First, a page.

Talking about bi-racial families with my daughter
My daughter has been playing with her vintage Fisher Price people on a daily basis since she was about a year old.
In one routine game, she puts the “children” (who are slightly shorter) in a circle and sings the “goodbye song.” Then, each“adult” (a slightly taller figure) picks a child up from school. When she first started playing this game, she would assign adults to children randomly, almost never putting them in the same pairs, and with no consideration to their physical appearances. The only thing she was emphatic about was that every child had to be paired with one adult.
At this point, a few child/parent pairs have started to form, all of which happen to be same-race pairs. I have pointed this out to her, saying, “Lucy and Susie have the same skin color. Some mommies and children have a similar skin color, but other mommies and their children have different skin colors, did you know that?”
Recently, my daughter replied, “We have the same skin color.”
“Well,” I said, “You are right that we are both White, but we have slightly different skin tones. Your skin is more like a brown egg shell, and mine is more…green,” I described my olive complexion.
One of the new “adults” I had purchased was a tall version of one of my daughter’s favorite figurines, a boy she had named “Kopek.” Both Kopek and this new adult figure have brown skin, a blue shirt, and a blue cap. Kopek was one of the other children who had been paired off with same-race mama figure and I wondered whether this new “papa” figure would join this family unit. At first, she rejected him but within a few weeks, they had formed the first and only, “traditional” (two-parent, heterosexual) family unit amongst the Fisher Price people.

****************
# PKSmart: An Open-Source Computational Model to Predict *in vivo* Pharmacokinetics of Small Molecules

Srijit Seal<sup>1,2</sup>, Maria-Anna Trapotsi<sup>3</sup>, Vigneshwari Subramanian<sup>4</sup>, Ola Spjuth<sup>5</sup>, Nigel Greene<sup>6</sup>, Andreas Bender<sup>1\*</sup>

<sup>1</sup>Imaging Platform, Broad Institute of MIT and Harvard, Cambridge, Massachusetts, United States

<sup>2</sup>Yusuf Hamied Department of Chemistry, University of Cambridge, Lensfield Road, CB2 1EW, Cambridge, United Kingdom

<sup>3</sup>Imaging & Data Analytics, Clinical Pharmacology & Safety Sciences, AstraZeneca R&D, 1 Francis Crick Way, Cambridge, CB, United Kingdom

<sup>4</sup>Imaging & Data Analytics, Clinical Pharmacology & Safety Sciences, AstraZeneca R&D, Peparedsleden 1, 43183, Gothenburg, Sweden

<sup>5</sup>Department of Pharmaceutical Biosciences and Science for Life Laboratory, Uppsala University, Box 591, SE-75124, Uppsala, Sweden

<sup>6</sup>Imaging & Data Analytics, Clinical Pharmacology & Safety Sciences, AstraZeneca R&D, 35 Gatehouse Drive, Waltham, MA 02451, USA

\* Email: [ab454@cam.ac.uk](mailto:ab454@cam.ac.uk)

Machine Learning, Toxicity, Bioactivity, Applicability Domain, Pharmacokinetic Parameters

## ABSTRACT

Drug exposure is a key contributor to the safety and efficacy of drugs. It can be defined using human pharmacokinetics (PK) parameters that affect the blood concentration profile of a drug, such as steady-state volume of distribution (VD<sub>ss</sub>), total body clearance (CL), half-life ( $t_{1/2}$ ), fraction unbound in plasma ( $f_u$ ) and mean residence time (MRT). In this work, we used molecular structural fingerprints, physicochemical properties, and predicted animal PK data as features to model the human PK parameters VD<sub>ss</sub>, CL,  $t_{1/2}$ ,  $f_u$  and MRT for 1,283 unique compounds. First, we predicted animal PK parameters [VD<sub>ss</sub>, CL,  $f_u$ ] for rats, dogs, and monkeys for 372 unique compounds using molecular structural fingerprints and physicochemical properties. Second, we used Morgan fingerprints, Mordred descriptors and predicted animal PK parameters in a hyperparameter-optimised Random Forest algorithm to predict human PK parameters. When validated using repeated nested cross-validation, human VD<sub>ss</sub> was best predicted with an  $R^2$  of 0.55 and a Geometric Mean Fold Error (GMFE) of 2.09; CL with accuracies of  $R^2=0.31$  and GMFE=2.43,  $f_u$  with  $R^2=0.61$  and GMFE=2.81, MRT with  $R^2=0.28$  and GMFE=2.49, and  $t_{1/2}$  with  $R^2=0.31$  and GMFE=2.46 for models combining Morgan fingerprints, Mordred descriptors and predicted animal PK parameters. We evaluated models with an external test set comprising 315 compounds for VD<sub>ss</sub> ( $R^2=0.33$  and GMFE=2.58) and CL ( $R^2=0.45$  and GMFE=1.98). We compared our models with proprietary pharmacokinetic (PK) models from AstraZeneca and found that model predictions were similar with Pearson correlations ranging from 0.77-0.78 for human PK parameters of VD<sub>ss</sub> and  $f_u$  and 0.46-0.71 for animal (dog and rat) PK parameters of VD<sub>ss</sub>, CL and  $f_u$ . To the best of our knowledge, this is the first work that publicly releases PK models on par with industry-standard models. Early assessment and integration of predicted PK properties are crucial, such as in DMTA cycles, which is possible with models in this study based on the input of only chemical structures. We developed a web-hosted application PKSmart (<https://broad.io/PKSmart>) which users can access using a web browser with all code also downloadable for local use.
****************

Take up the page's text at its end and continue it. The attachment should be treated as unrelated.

Recently, my daughter paired a White mommy figure with two White children, the first siblings she has allowed. (These are the same two girls I wrote about in another blog post that my daughter noticed were similar when she was 15 months old.)
For now, the other 20 or so children and adults continue to pair off somewhat randomly in both same-race and biracial families. So far, no bi-racial families have presented themselves as fixtures in my daughter’s organization of her play. Whether they do or do not emerge, I will continue with my commentary, encouraging her to try on different realities as she plays.
Sachi Feris is a blogger at Raising Race Conscious Children, an online a resource to support adults who are trying to talk about race with young children. Sachi also co-facilitates interactive workshops/webinars and small group workshop series on how to talk about race with young children. Sachi currently teaches Spanish to Kindergarten and 1st grade at an independent school in Brooklyn.